Ben Johnson is a contributing editor of the historic crime magazine Casebook: Classic Crime, and has written extensively for the Whitechapel Journal, and US publication Crime Magazine. In this guest blog he discusses his debut novel about Charlie Peace, who was featured in Issue 3 of Dawn of the Unread. Ben is from Sheffield and is keen to explore the local history of his home town in much the same way that we have tried to do with Nottingham.
Every day I walk the same city streets as Charlie Peace, although, contrary to popular belief beyond the north/south divide, Sheffield does now have tarmac, one-way systems, and a noticeable lack of horse manure underfoot. Simply speaking, he is something of a cult figure in my hometown, but his story has never enjoyed the same amount of literary exploration as many of his Victorian counterparts.
My interest in “our Charlie” began during a strange evening at the Sheffield Police and Fire museum, where I found myself reporting on a ghost hunting event which was taking place on that particular evening. Sitting in a subterranean cell, and watching in bemused indifference as my temporary ghost hunting colleagues waved electro magnets around and tried to speak to the undead, my eyes focussed in the dark on a poster which bore the gnarled face of a man who was, and is, very much dead.
This, I soon found out, was the very cell in which Charlie Peace was held, bandaged and bloodied, after his attempt to escape from a moving train. He lay here covered with a pile of rugs, feigning severe illness and swearing like only a concussed Yorkshireman can. He would be removed from this cell many times in the next few days, on every occasion to answer for his crimes in an especially cordoned-off area of Sheffield town hall.
Those who know me are only too aware that when a subject grabs my attention, I will read voraciously on the subject for a short time, until I completely forget why I was even interested in it in the first place. However, this was not to be the case on this occasion; I was hooked by the story of this elusive, murderous cat burglar, and only when the final words of my book had been typed (some five years later), did I allow myself to let Mr Peace to slip back into the dark recesses of my crowded and disorganised mind.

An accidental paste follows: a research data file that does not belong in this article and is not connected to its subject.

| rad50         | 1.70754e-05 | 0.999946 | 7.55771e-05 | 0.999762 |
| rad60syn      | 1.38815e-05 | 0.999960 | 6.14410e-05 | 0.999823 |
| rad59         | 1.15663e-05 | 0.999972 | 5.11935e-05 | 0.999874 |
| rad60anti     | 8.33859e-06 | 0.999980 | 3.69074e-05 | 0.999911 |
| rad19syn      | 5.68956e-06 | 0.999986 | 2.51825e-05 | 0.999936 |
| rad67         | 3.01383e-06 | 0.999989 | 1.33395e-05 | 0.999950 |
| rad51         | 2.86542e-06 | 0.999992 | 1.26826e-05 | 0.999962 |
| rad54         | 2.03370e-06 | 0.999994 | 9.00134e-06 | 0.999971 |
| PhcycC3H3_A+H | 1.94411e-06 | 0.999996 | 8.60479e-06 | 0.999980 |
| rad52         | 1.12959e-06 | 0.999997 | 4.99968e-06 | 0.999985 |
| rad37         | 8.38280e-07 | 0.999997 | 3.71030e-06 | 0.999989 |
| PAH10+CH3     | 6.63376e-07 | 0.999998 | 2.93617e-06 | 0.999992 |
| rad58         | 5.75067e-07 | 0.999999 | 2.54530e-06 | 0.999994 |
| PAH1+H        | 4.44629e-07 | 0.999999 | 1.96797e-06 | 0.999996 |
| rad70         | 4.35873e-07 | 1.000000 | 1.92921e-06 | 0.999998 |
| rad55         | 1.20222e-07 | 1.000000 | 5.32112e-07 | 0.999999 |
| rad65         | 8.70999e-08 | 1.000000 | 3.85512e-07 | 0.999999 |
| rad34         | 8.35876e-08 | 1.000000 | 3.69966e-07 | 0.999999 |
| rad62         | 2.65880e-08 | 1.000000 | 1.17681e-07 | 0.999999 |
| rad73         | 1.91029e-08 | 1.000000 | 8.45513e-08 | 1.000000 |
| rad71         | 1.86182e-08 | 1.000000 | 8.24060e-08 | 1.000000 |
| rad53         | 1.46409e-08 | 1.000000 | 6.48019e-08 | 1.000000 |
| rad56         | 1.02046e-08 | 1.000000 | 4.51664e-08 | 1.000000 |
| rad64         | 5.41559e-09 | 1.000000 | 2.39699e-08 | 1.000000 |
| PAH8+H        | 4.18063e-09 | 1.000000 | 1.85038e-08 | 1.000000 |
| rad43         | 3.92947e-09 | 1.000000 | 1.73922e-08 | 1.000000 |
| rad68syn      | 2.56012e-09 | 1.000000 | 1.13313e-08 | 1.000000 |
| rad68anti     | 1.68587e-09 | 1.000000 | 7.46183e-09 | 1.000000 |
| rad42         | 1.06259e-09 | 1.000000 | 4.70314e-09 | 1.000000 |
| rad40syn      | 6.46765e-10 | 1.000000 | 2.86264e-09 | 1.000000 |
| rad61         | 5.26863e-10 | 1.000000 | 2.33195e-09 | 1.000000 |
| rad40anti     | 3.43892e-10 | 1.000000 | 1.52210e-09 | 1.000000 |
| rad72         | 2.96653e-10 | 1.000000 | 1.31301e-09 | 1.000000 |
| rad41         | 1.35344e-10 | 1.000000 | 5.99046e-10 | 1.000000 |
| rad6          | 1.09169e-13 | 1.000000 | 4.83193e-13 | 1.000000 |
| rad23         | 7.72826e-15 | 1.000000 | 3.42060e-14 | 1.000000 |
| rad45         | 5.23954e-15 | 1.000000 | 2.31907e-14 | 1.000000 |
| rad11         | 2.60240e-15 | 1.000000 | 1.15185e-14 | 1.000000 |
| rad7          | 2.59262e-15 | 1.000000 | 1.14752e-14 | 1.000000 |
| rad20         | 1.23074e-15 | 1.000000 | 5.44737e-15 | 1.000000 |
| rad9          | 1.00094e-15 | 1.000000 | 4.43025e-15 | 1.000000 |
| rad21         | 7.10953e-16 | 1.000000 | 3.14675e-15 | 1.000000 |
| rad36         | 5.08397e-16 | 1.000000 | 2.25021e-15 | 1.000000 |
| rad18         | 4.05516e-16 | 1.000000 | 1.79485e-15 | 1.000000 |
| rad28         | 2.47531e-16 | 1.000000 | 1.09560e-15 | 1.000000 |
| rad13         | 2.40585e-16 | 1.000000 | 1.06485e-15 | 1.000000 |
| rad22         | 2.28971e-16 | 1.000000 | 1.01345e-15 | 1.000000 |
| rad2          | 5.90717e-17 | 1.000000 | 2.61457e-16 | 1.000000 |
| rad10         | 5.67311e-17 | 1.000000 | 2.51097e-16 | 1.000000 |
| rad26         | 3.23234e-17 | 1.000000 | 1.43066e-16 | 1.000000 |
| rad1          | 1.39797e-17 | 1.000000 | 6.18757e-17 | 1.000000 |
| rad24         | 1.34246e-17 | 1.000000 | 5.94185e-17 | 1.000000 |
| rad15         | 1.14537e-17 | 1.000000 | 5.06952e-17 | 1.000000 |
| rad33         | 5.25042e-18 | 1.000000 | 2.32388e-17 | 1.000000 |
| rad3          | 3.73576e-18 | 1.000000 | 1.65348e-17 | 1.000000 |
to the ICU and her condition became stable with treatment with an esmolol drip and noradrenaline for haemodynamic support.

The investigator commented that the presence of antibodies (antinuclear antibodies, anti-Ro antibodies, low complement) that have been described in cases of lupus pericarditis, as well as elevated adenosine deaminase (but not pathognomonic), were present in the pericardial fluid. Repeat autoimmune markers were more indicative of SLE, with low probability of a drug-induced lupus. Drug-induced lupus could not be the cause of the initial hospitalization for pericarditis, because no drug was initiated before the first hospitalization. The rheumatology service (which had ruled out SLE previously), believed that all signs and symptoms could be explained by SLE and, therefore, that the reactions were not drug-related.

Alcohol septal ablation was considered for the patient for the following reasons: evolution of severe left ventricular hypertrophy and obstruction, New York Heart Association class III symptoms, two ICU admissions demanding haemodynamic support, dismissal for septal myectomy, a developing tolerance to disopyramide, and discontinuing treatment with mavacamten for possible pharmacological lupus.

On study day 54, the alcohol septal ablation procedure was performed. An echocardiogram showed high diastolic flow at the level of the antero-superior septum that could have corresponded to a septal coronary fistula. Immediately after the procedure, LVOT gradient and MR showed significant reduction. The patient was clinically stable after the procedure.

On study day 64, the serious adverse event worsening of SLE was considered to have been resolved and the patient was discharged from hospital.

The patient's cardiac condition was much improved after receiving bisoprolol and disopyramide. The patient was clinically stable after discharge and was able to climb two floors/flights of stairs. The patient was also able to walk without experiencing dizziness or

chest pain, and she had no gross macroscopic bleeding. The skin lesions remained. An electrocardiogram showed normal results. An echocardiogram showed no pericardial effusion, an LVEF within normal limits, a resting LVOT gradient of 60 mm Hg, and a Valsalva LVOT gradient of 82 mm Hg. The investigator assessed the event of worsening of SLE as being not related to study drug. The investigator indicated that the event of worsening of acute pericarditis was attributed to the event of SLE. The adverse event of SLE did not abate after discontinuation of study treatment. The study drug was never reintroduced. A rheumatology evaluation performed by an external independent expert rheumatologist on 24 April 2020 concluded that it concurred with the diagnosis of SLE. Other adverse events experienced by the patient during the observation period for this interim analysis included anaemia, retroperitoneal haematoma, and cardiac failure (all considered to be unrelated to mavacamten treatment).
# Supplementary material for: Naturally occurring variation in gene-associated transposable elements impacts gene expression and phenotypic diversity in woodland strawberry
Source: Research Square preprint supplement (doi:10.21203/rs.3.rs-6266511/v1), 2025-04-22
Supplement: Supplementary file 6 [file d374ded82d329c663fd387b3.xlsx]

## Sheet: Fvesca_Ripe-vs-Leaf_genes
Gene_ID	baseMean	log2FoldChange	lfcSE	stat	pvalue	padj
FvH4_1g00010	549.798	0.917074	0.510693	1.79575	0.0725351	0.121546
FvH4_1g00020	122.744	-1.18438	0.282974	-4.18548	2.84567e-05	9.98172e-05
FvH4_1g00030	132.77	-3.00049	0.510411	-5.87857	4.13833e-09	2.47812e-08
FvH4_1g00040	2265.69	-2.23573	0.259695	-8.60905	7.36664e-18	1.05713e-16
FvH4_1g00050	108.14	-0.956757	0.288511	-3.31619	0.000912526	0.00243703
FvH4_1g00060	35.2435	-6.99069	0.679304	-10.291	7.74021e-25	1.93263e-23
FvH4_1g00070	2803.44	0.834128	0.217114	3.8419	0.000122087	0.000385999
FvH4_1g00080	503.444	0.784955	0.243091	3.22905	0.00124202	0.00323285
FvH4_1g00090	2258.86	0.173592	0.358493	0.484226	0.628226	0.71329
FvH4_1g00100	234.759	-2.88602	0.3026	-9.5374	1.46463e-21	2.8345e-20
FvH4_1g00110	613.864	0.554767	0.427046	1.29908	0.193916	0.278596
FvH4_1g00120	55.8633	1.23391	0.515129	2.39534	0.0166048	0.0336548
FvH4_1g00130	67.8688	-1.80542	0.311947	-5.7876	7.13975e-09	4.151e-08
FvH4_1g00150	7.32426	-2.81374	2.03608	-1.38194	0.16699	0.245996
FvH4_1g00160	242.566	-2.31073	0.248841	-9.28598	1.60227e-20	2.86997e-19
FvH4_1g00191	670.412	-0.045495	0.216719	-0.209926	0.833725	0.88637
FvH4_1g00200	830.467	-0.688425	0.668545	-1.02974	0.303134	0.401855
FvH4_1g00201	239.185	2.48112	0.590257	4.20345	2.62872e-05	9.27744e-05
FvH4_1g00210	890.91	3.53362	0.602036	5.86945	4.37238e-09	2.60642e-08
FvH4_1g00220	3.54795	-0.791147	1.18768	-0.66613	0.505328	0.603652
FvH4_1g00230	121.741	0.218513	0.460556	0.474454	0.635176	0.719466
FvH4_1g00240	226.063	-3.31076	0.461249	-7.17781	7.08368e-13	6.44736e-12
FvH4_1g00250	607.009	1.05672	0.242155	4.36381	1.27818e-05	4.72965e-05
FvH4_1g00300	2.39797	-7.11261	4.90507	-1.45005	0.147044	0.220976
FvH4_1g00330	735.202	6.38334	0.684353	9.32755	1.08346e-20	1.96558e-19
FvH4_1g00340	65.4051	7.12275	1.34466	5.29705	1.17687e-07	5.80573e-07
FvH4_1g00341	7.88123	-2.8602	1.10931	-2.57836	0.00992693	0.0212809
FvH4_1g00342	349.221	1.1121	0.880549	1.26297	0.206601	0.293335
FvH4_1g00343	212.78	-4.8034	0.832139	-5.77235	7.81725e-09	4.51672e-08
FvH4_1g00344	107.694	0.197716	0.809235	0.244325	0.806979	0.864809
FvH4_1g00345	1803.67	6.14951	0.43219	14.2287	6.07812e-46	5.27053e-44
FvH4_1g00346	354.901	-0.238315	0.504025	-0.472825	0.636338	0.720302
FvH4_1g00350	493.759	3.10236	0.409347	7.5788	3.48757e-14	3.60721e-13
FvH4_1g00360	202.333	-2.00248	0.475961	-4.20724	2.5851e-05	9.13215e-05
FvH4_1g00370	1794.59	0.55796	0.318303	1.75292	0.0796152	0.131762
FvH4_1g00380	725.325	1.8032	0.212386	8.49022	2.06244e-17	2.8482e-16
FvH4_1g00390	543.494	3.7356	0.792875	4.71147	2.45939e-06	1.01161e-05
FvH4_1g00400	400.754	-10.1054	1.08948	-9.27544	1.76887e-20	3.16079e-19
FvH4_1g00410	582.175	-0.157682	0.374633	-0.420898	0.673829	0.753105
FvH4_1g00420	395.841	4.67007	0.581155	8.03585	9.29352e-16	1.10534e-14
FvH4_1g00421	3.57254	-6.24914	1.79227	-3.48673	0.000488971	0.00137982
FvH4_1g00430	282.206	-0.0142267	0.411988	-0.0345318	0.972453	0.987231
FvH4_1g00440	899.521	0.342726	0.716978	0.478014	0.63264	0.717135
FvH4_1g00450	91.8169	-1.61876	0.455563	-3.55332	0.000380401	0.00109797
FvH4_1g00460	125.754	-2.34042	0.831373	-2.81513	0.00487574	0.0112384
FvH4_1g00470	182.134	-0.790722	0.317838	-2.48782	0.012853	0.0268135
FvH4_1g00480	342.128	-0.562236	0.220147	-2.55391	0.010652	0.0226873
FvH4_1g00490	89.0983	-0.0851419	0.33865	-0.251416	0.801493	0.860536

We are very lucky in this country to have access to local study libraries, and this is where my research began, spending hours and hours trawling through the well preserved pages of the local newspapers, which had been lovingly copied to microfiche by a number of dutiful employees over the generations; and of course, there were countless hours spent searching the internet; the lazy man’s library.
Many people have asked what drew me to this particular story. The answer is a short one; it simply has everything one would require from a historic crime caper. Peace was a fascinating person, from his childhood spent under the patriarchal guidance of a one-legged former lion tamer, all the way through to his last moments spent in the company of the man who perfected the quick and effective long-drop method of execution.
Every twist and turn of Peace’s life brings with it a notable event. The murder of PC Nicholas Cock in Lancashire, for which Peace would never be tried in court; the murder of his love-rival Arthur Dyson, which began the cross country escape for which he was awarded the title of Britain’s most wanted man; and his hasty escape from Nottingham, disappearing into the slums of the Marshes with his mistress, “the Nottingham Nightingale” in tow.
But, my favourite part of the Charlie Peace story has to be his genius in the art of disguise. From fashioning a hooked stump to cover his own mangled hand, to his unique talent of altering his appearance organically at the drop of a hat (by dislocating his jaw and letting the blood rush to his face), Peace was genuinely a criminal mastermind; a phrase which is bandied around far too often, and rarely seems to be deserved by the villain in question.
Yet, like so many criminals with a natural aptitude for escape, Peace eventually began to rely on luck rather than judgement; an error which would ultimately cost him his life. Although, one would be hard-pressed to argue that he did not deserve the sentence handed down to him by Mr Justice Lopes, the man tasked with the necessary job of sending Peace to the gallows of Armley Gaol. Peace, the cat burglar, was something of a folk hero, but Peace, the killer, was too wicked for even his own townsfolk to forgive.
For a short time after his death, Peace was a regular character on the pages of the Penny Dreadfuls, the lurid crime comics which were so feverishly devoured by the Victorian public, yet, unlike many other historical criminals, his star would eventually fall, and his name would largely be forgotten outside the circles of the most avid crime aficionados. This being the case, and despite his many acts of depravity and evil, the task of resurrecting the remarkable tale of Charlie Peace was one which was a joy from start to finish.
My biography of this twisted genius, Charlie Peace; Murder, Mayhem, and the Master of Disguise, was released by Pen and Sword books in August 2016, and is widely available to buy on the digital shelves of the internet, and the physical shelves of the few bookshops which still remain on our High Streets.
- Ben Johnson Charlie Peace: Murder, Mayhem and the Master of Disguise, Pen and Sword Books. 2016
- Ben Johnson’s website (benwjohnson.org) Ben’s Twitter:@benw_johnson
- Michael Eaton & Eddie Campbell. Charlie Peace: Inside the Mind of a Master Criminal. Issue 3 Dawn of the Unread
- Casebook Classic Crime website (casebookclassiccrime.wordpress.com)
- Sheffield’s Notorious Criminal (sheffieldtelegraph.co.uk)